8 years ago, Adam woke up one morning unable to move. A work place injury the day before resulted in a herniated and slipped disc in his spine and a pinched sciatic nerve.
Trained as a chef, Adam had taken time out of the kitchen to work in the construction industry. He didn’t expect that day on the job site to be any different. He has always been the sort of worker to stay busy, so when a co-worker asked for help lifting a wall section, he didn’t think anything of it. The section of wall they were charged with moving was 16 ft long, 8 feet tall, and had multiple windows and a few thick beams. They should have recruited at least 3 other people, but the job site was busier than normal that day and they were in a rush.
With their arms firmly under the wall, they lifted. Adam heard a pop and felt the pain, but worked through the day. It was raining on the job site, and they needed the extra help. The next morning he woke up in excruciating pain, unable to get out of bed. When he finally returned to work months later, he was laid off. He hasn’t been able to hold a full time job since.
“I didn’t think of the potential ramifications of working a job where I got paid under the table. I just needed to make money to support my family.”
Since that day, Adam has had persistent back problems and has had to pay for any and all health care out of pocket. He is unable to bend at the waist, can’t stand or sit for long periods of time, and can’t lift anything heavier than 25 pounds.
“I apply for jobs all the time, but once they hear about my health restrictions I can see they won’t hire me.”
As the sole provider for his family, the responsibility of feeding, clothing, and housing 5 people lies on his shoulders. He has pieced together jobs for many years, but can’t find anything that lasts for more than a few months. This year, while in-between jobs he landed in the Community Jobs Training Program.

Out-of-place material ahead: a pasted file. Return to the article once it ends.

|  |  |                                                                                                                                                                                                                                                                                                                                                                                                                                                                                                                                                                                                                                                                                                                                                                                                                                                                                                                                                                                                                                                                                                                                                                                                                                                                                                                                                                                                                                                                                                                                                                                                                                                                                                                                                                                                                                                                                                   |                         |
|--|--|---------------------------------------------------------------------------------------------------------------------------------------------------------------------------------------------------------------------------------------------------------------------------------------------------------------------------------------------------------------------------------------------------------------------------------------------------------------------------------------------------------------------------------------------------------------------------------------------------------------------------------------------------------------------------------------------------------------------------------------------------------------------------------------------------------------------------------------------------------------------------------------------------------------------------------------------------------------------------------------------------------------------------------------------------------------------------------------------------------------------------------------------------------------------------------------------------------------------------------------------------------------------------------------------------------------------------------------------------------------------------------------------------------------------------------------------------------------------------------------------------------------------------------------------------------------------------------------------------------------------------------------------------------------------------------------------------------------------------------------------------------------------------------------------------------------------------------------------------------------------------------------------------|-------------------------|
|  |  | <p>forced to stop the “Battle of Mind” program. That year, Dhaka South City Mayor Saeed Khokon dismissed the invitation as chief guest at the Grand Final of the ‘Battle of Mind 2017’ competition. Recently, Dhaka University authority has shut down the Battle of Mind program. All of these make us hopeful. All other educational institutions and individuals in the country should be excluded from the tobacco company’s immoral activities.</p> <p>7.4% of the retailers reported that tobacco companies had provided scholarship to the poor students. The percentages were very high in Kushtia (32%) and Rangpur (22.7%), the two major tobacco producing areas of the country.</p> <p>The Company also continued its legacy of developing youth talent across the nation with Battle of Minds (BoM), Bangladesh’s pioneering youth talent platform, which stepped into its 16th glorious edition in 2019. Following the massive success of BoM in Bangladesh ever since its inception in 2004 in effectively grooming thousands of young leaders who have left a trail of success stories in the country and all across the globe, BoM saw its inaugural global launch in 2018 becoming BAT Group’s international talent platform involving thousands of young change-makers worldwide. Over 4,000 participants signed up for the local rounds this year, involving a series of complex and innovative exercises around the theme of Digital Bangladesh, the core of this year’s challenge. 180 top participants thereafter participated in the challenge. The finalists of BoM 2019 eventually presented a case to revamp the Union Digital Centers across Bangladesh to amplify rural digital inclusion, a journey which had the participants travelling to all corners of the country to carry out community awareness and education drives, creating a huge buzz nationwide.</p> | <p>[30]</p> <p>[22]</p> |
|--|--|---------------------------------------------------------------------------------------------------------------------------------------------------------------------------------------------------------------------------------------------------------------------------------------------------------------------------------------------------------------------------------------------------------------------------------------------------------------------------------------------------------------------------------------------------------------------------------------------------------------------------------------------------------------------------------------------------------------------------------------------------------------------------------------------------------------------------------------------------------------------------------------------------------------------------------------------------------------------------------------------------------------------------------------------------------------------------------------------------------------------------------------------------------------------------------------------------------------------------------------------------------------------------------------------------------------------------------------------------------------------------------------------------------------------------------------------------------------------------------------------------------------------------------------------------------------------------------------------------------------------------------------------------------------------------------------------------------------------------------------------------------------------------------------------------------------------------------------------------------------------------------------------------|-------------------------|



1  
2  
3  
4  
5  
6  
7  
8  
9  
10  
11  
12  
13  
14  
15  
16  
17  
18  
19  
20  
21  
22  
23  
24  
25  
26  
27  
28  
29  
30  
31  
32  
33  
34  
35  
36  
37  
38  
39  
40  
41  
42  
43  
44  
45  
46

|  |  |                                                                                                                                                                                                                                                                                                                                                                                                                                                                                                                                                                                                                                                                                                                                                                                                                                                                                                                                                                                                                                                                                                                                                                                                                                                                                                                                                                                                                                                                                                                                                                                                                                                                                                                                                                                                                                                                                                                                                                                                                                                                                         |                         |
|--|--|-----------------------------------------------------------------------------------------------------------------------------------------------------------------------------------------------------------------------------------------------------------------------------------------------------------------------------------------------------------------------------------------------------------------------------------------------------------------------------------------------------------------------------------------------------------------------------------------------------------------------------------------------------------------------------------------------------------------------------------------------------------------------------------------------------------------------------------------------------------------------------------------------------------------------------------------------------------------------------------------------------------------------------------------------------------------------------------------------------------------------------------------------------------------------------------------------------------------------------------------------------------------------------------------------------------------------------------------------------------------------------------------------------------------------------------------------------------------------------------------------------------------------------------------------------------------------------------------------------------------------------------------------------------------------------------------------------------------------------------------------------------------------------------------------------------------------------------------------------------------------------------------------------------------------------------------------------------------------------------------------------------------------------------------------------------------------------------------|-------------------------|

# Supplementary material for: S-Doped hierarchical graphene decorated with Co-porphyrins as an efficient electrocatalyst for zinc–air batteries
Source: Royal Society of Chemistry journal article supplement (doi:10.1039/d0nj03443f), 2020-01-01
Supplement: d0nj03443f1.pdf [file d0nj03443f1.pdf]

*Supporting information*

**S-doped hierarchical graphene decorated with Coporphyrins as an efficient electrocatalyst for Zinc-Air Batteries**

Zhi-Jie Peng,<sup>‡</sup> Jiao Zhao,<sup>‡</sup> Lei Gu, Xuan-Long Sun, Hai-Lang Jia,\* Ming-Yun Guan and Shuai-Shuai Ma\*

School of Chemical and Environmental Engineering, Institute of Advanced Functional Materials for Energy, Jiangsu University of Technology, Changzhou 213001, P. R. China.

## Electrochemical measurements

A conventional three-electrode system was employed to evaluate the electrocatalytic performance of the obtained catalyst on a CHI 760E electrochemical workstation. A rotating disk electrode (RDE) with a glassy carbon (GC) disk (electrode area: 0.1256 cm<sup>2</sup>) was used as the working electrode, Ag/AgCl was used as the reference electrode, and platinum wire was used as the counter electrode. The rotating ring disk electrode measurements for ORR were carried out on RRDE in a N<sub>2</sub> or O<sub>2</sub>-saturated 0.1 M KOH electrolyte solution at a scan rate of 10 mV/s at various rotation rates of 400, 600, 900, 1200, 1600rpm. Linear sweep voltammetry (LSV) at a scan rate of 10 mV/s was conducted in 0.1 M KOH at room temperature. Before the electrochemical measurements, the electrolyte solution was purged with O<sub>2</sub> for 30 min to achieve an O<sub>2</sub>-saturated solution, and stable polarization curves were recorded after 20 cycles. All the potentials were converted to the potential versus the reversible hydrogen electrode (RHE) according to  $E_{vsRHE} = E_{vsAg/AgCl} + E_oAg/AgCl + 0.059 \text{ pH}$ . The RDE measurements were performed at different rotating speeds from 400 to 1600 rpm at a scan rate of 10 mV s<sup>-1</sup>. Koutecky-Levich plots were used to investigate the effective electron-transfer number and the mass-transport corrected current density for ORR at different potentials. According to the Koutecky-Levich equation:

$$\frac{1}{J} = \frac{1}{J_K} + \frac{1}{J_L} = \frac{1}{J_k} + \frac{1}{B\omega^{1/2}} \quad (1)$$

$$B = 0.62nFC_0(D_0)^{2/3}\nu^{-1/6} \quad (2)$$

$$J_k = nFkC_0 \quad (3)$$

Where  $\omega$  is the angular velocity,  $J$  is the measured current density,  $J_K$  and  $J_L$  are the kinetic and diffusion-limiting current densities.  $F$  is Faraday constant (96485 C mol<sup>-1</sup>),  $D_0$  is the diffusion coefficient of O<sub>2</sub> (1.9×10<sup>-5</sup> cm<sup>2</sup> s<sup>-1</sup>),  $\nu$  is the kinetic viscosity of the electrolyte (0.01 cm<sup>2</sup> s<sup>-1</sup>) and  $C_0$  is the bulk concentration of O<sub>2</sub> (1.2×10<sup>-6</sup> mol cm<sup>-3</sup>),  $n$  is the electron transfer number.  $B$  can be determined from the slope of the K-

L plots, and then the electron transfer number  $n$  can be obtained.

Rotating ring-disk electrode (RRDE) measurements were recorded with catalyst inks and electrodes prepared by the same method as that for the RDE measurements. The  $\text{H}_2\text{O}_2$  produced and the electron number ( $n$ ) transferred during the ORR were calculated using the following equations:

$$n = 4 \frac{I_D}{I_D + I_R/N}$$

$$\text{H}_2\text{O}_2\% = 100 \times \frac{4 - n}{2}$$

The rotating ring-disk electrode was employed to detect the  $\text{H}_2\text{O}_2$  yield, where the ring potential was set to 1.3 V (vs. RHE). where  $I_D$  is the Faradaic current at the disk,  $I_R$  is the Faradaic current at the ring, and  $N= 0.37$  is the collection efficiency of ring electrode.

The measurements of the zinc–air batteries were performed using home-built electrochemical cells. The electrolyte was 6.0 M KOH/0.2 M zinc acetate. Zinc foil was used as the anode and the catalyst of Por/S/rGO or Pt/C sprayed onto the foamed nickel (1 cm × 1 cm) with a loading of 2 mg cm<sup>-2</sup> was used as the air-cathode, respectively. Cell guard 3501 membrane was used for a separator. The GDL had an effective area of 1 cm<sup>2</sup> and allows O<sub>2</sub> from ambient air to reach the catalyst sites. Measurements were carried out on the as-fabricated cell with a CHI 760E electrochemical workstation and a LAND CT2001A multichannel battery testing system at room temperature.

“Trying to keep a roof over our head is hard when the cost of living keeps rising. This program is a life raft. It pays more than government assistance and allows me to stay busy and be a part of the community while I apply for jobs. I’m not sure we’d be able to keep our heads above water without Community Jobs Training Program.”
For the past few months, Adam has mixed paint and processed metal scraps for recycling. If you’ve noticed that staff are working more effectively these days, it’s in part because of Adam’s help. A small work space allows him the flexibility to stand or sit when he needs to, and a desk at elbow height means he doesn’t have to bend his back. As he works, he shares his dreams of returning to the food industry and owning his own barbeque catering business. He and his father used to run a food truck, and he smiles as he discusses his favorite recipes.
Not everyone that enters the Community Jobs Training Program is looking for a path to a new career. Some just need a life raft.
This year we’re participating in Giving Tuesday on December 3rd, a global day of giving fueled by social media and collaboration. We’re hoping to raise $1,500 to provide more life rafts for all those that need it.You can help build a more resilient Bellingham by donating $25 on Giving Tuesday via Facebook.
Can’t wait until Giving Tuesday? Donate today.
To see other Community Jobs success stories, visit this link.